Zarif defends 'balanced' Iran deal, as critics voice opposition
Iran's foreign minister defended on Tuesday what he said was a "balanced" nuclear deal with world powers, telling lawmakers there was a need to accept that the negotiations had required compromise.
In a speech to parliament, Mohammad Javad Zarif emphasised that last week's agreement would secure the lifting in coming months of UN and Western sanctions imposed on Iran over its nuclear programme.
In return, Iran has agreed to put curbs on its atomic activities for at least a decade but it will continue to enrich uranium and be allowed to pursue research and development of more modern nuclear technology.
The deal and restrictions, including a more rigorous inspection regime, aim to remove Western concerns that Iran is seeking an atomic bomb - an allegation Tehran has always denied.
Zarif, who led Iran's negotiating team, was feted in street celebrations in Tehran after the deal was announced last Tuesday, but members of the conservative-dominated parliament have proved a tougher sell.
In a sign of their scepticism, just days before the final negotiations started in Vienna, members of parliament passed a new law which they said was to defend the nuclear programme, but which the government opposed.
Some hardliners in parliament have railed against the diplomacy, arguing that too many concessions were made.
'Give and take'
But Zarif said that the long-running talks could never have satisfied Iran's or the West's every demand.
"We should not forget that any deal is a give and take and each side gives up part of its demands to realise the more important part until what has been given and received is balanced," he said.
"Iran's key objectives on which we insisted are what we gained. For the other side the key demands were to prevent Iran from reaching nuclear weapons through limitations and supervision."
Suggesting that Iran got the better side of a bargain with the West, and reiterating Tehran had never sought nuclear weapons, Zarif added: "What they gained was a vain effort to get what was already acquired.
"Our biggest achievement is the stamp by the UN Security Council confirming (uranium) enrichment in Iran."
Critic warns over Iran's red lines
On Monday the Security Council passed a resolution 15-0, which approved the deal struck in Vienna, however, a senior Iranian official has responded critically to it.
“Some of the points inserted in the draft are clearly in contradiction to the Islamic Republic of Iran’s major red lines and violate them, particularly regarding arms capabilities, and we’ll never accept it,” General Mohammad Ali Jafari, commander of Iran’s Revolutionary Guards, said in an interview with the Tasnim news agency.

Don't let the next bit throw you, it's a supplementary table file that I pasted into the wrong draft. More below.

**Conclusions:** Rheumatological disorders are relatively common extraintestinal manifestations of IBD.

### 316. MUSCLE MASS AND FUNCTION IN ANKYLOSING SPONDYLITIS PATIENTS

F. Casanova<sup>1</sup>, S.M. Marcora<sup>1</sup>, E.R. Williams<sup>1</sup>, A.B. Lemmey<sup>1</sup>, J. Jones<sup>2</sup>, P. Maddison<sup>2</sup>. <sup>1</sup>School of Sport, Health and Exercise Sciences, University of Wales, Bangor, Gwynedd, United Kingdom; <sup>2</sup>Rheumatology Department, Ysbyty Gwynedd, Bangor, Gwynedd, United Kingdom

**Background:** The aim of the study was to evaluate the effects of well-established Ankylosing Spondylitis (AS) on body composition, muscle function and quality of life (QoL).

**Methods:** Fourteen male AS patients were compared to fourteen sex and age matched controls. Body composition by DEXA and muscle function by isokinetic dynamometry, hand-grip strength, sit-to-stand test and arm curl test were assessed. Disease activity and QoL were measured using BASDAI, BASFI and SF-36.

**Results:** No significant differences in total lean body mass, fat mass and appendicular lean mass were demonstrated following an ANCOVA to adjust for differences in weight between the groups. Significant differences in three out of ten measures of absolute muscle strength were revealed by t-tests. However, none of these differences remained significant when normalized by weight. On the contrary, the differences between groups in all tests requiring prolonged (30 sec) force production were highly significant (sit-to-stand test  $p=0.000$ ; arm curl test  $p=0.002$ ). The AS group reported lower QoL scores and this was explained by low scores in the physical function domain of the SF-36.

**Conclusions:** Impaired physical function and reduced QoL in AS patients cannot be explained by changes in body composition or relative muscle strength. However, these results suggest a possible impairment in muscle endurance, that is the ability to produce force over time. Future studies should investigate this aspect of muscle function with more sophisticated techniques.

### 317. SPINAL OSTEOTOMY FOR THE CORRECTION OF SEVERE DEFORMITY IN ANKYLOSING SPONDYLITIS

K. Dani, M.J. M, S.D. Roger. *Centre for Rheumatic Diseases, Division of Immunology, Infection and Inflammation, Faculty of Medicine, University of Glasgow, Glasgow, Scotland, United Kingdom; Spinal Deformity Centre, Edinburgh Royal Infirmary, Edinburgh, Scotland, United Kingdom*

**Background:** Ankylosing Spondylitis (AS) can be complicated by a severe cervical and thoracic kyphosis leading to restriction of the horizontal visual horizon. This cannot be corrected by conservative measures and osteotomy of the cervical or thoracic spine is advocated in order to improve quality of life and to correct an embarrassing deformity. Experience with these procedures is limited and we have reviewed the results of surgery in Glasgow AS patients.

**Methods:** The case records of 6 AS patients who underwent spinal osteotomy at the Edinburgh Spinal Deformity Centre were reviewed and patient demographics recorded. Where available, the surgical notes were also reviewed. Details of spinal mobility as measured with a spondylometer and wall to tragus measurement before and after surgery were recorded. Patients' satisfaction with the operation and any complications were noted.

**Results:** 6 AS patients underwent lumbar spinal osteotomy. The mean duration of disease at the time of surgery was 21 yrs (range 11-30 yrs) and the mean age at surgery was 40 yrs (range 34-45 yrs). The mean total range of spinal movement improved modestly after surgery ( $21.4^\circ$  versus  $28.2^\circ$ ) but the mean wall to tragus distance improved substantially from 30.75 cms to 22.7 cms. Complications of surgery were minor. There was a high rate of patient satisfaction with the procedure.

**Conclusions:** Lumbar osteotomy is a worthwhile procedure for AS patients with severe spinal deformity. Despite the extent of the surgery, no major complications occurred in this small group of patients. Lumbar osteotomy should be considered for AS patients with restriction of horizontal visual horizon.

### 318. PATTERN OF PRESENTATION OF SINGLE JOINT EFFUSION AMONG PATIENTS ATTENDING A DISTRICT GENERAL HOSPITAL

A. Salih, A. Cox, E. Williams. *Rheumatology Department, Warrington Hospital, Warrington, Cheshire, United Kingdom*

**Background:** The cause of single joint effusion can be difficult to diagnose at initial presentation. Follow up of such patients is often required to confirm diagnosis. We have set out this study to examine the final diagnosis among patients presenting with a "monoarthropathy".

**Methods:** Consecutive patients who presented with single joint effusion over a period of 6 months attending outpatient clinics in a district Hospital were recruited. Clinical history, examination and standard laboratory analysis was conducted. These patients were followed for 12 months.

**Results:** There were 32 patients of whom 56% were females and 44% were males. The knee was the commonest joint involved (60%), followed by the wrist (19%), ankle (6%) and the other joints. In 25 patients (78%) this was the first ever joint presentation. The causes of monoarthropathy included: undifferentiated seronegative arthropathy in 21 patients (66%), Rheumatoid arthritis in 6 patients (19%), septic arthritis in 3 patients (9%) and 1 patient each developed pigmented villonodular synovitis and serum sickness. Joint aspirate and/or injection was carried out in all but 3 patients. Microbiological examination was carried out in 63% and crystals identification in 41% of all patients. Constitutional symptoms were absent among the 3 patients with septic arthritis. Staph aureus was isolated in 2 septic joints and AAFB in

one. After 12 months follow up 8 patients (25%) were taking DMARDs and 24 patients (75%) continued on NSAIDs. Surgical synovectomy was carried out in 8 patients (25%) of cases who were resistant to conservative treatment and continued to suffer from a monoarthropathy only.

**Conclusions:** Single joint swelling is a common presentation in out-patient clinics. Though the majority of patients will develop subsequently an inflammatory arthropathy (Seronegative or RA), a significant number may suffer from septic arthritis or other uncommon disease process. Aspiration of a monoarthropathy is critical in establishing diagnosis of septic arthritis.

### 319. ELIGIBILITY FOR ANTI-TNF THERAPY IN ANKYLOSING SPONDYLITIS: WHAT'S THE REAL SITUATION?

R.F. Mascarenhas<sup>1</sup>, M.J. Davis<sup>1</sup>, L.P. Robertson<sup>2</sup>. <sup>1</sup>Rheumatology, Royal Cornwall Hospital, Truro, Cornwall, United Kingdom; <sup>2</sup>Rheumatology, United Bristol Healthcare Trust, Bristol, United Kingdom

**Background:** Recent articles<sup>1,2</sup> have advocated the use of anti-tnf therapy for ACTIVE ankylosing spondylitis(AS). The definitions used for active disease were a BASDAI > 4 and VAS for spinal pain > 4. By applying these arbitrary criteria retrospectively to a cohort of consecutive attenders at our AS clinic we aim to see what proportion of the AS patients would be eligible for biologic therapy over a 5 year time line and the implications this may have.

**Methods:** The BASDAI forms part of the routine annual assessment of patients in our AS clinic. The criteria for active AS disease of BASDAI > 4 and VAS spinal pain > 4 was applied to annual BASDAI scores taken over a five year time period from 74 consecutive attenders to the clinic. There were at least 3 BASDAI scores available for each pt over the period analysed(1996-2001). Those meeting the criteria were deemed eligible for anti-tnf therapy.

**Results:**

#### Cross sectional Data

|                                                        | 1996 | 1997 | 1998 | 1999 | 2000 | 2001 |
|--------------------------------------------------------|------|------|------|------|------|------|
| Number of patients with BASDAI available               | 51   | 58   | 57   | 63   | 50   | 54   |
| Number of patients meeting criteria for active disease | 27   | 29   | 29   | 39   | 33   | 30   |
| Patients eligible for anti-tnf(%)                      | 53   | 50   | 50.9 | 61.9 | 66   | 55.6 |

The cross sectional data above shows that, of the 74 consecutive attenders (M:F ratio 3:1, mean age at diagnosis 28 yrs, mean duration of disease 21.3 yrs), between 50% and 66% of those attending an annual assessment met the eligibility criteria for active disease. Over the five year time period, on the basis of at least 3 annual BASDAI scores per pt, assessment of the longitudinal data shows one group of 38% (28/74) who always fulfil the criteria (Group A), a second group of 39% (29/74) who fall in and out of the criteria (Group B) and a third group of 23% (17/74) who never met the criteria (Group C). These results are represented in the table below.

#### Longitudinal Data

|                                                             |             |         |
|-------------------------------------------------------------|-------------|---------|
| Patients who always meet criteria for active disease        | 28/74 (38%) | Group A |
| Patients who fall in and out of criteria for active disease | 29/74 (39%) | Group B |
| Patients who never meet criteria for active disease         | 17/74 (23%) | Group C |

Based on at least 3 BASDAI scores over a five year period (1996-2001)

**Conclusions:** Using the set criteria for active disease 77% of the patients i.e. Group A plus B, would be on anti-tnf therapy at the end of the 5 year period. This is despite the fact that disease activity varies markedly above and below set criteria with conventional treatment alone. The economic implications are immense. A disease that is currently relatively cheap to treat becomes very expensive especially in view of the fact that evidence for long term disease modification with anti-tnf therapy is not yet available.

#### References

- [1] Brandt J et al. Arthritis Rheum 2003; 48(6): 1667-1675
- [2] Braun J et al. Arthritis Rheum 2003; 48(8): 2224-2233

He said that the resolution violates Iran’s rights in “maintaining and upgrading Iran’s defence capabilities,” in a reference to the long-term arms embargo that will remain in place for the foreseeable future under the Vienna deal.
Iran’s parliament has voted to appoint a 15-member committee to evaluate the text of the Vienna agreement. Its members are yet to be selected.
US lawmakers in Congress have 60 days to review the deal.
Although Iran's parliament has the right to reject the agreement, it is unlikely to do so as the country's Supreme Leader Ayatollah Ali Khamenei has signalled his approval of the government's negotiations.
And on Tuesday, Ali Akbar Velayati, Khamenei's foreign affairs adviser, added his personal backing.
"If there is something that hasn't been achieved, definitely they could not have done more," Velayati said of Zarif and his colleagues in the talks.
"Through all my years of experience I do not know a stronger diplomatic team."
Although Khamenei has approved the deal, he gave a speech on Saturday that suggested Tehran and Washington will remain foes.
“Even after this deal our policy towards the arrogant US will not change,” Khamenei told supporters at a speech in a Tehran mosque, amid chants of “Death to America” and “Death to Israel”.
US Secretary of State John Kerry responded to that speech on Tuesday by saying the comments were “very disturbing”.
“I don’t know how to interpret it at this point in time, except to take it at face value, that that’s his [Khamenei’s policy],” Kerry said in an interview with the Saudi-owned Al Arabiya television channel.
“But I do know that often comments are made publicly and things can evolve that are different. If it is the policy, it’s very disturbing, it’s very troubling.”